Ukrainian troops fire on crowd as illegal polling hikes tension
Ukrainian national guardsmen opened fire on a crowd outside a town hall in eastern Ukraine yesterday and an official for the region's insurgents said people were killed.
The bloodshed in the town of Krasnoarmeisk happened hours after dozens of troops shut down voting in a referendum on sovereignty for the region.
A photographer who witnessed the shooting said two people were seen lying on the ground and were not moving.
Insurgent leader Denis Pushilin was quoted by the ITAR-Tass news agency as saying there was an unspecified number of deaths.
Hours earlier, guardsmen arrived in the town about 30 kilometres from the regional capital, Donetsk, and dispersed voters outside the town hall. They seized control of the builing before troops arrived. Scuffles then broke out with crowds before shots were fired.
Meanwhile, the European Union said it would not recognise the result of a referendum on self-rule held by pro-Moscow rebels in east Ukraine yesterday, calling it illegal.
"The so-called referenda in ... parts of the Luhansk and Donetsk regions were illegal and we do not recognise the outcome.
"Those who organised the referenda have no democratic legitimacy," Maja Kocijancic, a spokeswoman for EU foreign policy chief Catherine Ashton, said.
Earlier, a volunteer in charge of the polling station was candid about the sort of election he admired. "The Soviet way of voting was reliable," said Igor Gutov. "It was only after 2004 that we started seeing abuses."
Nostalgia for the Soviet tradition of predictable elections seemed fitting yesterday as pro-Russian rebels staged a referendum on independence for two regions of Ukraine, home for 6.6 million people.
The plebiscite in Donetsk and Luhansk was run by pro-Russian activists in haphazard style and according to their own rules. Mr Gutov's polling station in the town of Olenivska lacked some important features, not least a list of voters.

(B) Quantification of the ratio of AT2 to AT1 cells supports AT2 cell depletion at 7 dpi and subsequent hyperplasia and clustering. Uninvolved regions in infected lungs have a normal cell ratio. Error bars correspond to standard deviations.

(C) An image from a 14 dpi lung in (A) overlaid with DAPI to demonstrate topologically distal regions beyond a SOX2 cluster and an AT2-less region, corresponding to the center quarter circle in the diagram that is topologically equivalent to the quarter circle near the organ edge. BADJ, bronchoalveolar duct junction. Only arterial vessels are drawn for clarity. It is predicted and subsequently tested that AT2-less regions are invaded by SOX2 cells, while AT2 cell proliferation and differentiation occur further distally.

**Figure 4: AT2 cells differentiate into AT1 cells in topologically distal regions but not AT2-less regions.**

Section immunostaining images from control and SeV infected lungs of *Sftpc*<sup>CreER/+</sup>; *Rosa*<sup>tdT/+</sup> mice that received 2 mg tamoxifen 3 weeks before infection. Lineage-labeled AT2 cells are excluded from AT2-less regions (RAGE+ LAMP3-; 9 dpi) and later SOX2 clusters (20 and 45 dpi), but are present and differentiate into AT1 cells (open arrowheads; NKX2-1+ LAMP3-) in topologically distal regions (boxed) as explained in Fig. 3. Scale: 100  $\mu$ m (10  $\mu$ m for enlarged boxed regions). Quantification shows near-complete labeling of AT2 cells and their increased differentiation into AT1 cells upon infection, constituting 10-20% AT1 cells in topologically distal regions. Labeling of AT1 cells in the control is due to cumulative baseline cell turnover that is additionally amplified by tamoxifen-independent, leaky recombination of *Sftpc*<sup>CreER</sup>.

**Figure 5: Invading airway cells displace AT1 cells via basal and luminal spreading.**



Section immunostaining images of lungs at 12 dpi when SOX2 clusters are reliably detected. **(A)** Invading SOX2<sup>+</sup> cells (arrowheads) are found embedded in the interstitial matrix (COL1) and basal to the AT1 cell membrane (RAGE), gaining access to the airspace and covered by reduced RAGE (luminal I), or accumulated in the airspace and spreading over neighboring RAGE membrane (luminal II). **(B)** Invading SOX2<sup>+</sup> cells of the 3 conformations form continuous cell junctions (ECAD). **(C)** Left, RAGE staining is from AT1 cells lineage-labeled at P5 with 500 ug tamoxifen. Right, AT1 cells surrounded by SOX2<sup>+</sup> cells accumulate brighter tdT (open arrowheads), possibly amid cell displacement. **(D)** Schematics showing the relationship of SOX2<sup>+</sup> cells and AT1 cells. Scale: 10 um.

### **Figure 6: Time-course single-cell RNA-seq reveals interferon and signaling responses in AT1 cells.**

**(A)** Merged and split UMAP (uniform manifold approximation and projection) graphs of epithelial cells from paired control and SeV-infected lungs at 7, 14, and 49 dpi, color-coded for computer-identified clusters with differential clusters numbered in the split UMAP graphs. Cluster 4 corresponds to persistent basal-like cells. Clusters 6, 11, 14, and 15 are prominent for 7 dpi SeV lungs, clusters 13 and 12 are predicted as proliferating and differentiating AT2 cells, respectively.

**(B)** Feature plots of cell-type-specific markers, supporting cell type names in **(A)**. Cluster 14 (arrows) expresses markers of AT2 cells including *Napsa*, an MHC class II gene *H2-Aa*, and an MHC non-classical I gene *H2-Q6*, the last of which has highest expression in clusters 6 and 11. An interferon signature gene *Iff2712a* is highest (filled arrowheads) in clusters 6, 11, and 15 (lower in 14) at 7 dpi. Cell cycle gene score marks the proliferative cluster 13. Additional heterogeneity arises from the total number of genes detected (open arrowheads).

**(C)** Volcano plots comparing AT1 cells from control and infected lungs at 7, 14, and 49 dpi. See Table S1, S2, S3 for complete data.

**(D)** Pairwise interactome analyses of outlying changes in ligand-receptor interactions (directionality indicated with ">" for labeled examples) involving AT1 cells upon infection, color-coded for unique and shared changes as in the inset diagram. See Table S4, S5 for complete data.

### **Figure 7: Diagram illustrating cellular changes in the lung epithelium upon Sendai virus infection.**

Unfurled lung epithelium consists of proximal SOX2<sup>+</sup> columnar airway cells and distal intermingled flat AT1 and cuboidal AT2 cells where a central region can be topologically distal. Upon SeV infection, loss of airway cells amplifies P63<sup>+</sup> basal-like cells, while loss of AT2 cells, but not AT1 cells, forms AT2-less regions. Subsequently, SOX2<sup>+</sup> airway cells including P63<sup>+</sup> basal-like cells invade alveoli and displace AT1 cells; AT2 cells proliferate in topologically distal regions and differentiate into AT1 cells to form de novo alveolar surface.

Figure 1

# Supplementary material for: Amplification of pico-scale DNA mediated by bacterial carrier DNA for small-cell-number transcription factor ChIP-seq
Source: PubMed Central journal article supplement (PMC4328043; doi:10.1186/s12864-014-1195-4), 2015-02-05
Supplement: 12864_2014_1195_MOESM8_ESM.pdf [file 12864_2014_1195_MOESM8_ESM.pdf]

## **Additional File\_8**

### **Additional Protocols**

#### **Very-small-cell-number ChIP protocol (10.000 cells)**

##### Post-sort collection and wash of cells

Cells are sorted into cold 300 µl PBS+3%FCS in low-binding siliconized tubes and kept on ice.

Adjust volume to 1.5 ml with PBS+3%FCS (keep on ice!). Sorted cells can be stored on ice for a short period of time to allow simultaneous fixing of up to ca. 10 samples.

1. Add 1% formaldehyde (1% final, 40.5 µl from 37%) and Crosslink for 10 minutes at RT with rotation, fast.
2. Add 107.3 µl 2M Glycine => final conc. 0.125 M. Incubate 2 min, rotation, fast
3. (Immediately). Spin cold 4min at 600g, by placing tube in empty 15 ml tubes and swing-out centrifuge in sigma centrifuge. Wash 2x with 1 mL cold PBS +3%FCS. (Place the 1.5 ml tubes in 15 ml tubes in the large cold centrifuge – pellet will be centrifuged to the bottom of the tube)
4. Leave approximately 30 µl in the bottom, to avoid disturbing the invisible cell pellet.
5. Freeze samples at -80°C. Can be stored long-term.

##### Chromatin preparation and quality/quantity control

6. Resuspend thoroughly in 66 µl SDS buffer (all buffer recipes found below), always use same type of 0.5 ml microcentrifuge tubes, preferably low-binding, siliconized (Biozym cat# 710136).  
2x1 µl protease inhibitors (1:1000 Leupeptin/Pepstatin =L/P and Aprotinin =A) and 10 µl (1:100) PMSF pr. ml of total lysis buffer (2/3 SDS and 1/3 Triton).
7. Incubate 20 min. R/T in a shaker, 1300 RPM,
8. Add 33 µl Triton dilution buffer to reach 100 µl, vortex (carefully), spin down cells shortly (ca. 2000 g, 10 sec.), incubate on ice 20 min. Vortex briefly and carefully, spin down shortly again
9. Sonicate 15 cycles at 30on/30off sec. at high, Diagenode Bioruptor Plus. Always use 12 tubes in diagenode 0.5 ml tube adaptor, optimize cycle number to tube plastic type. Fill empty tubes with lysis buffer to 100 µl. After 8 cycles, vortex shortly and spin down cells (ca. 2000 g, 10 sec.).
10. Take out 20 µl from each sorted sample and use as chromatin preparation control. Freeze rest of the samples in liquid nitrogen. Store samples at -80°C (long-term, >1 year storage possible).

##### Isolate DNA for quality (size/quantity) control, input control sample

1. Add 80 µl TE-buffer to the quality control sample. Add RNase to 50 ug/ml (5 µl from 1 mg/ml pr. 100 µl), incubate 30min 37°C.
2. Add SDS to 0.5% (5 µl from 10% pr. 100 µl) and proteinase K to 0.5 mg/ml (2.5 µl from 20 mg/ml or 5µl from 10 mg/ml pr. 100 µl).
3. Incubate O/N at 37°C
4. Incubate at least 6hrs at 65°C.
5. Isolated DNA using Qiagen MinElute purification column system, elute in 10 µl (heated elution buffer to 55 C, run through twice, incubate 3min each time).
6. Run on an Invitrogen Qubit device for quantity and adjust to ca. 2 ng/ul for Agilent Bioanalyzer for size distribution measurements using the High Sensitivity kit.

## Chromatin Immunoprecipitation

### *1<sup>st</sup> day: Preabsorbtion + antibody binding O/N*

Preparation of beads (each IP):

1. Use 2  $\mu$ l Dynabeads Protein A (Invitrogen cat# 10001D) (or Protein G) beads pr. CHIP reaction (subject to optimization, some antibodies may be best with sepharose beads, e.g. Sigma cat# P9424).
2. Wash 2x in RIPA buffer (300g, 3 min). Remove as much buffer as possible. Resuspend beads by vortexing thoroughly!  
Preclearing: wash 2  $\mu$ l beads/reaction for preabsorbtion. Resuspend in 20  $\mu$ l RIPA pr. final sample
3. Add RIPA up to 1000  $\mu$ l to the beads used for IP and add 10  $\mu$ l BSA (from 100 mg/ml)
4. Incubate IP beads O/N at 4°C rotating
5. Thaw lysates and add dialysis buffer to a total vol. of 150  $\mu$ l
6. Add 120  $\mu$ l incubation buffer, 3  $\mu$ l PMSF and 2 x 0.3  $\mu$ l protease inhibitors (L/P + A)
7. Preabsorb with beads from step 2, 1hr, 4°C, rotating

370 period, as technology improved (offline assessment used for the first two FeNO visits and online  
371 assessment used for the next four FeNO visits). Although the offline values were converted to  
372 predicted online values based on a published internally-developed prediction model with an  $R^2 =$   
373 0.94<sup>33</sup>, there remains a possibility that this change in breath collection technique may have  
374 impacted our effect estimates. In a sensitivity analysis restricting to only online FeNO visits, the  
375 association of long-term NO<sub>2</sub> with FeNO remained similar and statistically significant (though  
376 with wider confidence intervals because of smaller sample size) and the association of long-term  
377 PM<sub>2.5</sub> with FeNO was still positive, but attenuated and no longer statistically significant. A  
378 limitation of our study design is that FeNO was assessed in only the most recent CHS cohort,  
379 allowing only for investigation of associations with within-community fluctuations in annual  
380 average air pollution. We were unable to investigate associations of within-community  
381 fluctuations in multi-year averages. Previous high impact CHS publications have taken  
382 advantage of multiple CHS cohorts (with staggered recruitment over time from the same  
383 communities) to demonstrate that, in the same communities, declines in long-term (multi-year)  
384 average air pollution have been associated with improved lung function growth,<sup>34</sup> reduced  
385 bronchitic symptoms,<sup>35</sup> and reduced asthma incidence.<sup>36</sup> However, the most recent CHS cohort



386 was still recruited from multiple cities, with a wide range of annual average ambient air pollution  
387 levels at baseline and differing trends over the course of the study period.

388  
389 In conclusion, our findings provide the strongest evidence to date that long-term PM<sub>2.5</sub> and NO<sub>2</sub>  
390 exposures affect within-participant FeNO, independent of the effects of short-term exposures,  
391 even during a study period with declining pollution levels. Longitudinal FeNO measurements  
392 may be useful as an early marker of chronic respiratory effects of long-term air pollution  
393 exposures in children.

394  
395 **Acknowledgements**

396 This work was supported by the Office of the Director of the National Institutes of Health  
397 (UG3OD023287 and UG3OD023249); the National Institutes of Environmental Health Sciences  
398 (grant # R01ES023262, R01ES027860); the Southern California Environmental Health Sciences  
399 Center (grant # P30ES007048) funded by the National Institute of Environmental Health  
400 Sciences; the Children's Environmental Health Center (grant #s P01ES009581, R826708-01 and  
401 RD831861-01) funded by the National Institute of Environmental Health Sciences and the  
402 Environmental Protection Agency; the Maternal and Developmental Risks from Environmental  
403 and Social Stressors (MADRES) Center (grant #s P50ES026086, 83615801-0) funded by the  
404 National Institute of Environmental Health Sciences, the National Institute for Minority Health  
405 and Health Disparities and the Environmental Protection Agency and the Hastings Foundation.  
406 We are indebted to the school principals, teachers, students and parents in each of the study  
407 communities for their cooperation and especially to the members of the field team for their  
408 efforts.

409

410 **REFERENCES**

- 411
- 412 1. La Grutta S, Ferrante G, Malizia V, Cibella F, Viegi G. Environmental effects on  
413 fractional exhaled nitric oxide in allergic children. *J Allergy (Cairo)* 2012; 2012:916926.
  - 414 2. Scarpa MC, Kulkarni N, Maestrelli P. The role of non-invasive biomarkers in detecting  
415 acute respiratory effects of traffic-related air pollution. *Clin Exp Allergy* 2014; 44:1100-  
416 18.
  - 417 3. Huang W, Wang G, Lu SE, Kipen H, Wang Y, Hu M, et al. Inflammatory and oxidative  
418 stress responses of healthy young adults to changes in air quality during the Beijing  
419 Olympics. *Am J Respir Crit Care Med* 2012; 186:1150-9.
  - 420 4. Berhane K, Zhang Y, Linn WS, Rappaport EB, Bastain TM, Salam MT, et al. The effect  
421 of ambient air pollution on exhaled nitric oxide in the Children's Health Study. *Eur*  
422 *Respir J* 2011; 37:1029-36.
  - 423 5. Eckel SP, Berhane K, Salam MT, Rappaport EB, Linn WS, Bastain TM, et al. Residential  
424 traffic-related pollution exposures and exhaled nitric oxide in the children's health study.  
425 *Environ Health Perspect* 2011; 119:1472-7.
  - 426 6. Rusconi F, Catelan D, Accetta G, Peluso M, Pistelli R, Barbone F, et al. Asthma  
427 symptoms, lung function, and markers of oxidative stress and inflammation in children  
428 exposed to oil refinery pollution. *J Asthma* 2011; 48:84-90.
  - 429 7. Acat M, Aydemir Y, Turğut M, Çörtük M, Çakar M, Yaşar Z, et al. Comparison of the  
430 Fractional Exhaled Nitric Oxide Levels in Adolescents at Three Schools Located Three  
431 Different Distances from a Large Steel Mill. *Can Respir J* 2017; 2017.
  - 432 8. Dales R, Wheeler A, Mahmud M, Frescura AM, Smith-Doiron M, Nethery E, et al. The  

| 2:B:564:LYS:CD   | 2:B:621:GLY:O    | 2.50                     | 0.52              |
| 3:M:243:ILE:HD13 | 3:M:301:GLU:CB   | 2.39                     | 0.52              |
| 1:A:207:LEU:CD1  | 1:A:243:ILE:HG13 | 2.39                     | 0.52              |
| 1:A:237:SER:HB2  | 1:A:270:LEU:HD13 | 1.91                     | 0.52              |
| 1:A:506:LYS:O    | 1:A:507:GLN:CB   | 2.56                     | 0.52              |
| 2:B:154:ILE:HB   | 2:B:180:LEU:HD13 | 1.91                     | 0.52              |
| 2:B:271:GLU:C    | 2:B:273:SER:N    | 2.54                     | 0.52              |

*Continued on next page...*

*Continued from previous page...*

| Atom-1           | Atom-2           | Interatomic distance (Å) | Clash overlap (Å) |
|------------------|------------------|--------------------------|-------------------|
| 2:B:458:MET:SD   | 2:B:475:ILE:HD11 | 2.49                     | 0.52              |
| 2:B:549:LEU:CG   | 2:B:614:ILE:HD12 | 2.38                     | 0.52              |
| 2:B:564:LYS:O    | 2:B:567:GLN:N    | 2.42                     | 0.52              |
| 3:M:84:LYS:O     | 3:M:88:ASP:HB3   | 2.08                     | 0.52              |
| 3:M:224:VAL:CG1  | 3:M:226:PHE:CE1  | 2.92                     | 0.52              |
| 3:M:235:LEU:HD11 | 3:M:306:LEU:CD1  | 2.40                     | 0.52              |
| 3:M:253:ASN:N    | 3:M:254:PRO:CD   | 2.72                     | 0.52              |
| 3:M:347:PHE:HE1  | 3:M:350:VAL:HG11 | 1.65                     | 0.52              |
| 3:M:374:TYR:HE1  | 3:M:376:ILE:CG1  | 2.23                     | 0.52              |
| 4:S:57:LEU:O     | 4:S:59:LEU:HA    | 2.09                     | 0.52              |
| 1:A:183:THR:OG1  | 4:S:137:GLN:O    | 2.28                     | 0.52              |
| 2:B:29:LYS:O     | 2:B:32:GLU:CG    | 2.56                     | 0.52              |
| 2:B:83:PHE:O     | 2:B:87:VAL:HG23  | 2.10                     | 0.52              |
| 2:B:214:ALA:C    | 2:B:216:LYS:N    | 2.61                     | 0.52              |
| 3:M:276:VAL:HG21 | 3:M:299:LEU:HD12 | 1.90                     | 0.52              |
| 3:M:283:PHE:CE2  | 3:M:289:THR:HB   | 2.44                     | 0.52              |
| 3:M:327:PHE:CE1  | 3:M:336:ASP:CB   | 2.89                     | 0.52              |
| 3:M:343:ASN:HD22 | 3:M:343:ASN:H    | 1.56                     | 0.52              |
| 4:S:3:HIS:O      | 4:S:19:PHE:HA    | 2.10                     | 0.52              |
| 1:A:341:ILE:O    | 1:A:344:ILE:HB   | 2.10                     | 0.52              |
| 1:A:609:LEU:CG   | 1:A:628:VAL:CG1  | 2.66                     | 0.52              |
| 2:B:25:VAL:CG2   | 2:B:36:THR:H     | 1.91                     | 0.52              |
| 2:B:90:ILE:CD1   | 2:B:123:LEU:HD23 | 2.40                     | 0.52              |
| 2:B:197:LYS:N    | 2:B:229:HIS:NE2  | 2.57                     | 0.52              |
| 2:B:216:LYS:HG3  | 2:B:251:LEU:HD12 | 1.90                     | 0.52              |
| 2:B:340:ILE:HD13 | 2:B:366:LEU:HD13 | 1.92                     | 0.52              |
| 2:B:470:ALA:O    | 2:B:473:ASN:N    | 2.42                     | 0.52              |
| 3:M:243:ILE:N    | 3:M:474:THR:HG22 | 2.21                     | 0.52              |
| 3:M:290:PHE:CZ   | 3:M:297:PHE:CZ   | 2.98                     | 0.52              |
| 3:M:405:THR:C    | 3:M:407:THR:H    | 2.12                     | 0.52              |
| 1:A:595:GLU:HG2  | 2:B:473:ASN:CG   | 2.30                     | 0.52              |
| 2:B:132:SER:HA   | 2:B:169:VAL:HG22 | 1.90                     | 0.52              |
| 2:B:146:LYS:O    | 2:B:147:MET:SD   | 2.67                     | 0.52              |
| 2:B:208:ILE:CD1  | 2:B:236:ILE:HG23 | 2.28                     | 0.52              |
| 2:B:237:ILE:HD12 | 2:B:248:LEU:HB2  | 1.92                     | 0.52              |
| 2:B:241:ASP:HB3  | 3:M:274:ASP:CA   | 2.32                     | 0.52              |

Elsewhere, some villages had no polling stations at all and one large city had only four. Those in charge did not hide their sympathies, often flying the red, blue and black flag of the 'Donetsk People's Republic' – whose birth voters were being asked to approve – from the roofs of voting centres.
Mr Gutov went one better, also displaying the flag of the 'People's Militia of Donbass' featuring a sword driven through a blue crest. And yet the strength of feeling among some voters was obvious and sincere.
Many in Donetsk believe that "fascists" seized control of Ukraine's government during the revolution in February. They argue that only independence and Russia's protection can guard against this threat.
Olga Velichko had been queuing for two hours to vote in the city of Mariupol. "We are longing for change," she said.
"We consider the referendum an opportunity to show our anger and hatred of the Kiev government."
Polling stations in Mariupol, the second biggest city in Donetsk region, were besieged by columns of voters, with one queue stretching for a quarter of a mile down Mitropolytska street.
Among those waiting, it was impossible to find anyone planning to vote No.
But only four polling stations were operating in this city of 500,000 people, helping to explain the crowds.
Nonetheless, Ukraine's security forces have infuriated many of Mariupol's people with a series of heavy-handed operations.
Last Friday, they killed at least five and perhaps 20 people in the heart of the city, before suddenly withdrawing and effectively surrendering the streets to pro-Russians.
Local people believe that innocent civilians were the main victims of that attack, which they refer to simply as "May 9". Many in the queues saw voting in the referendum as a gesture of defiance.
"What we have seen here is fascism in its true meaning," said Galina Kovalenko, who had also waited for two hours to participate. "I was trembling when I heard about what they did on May 9, I just have tears in my eyes. So now we want to show our anger.
"Those were undecided before May 9, now they have made up their minds."
The polling station on Mitropolytska street, like many others, had no voters' roll. Instead, anyone who could produce a passport was handed a ballot paper.
Volunteers then wrote down their names by hand, but there was no other safeguard against multiple voting, and members of a CNN television crew reported seeing several people vote twice at one polling station. ( © Daily Telegraph, London)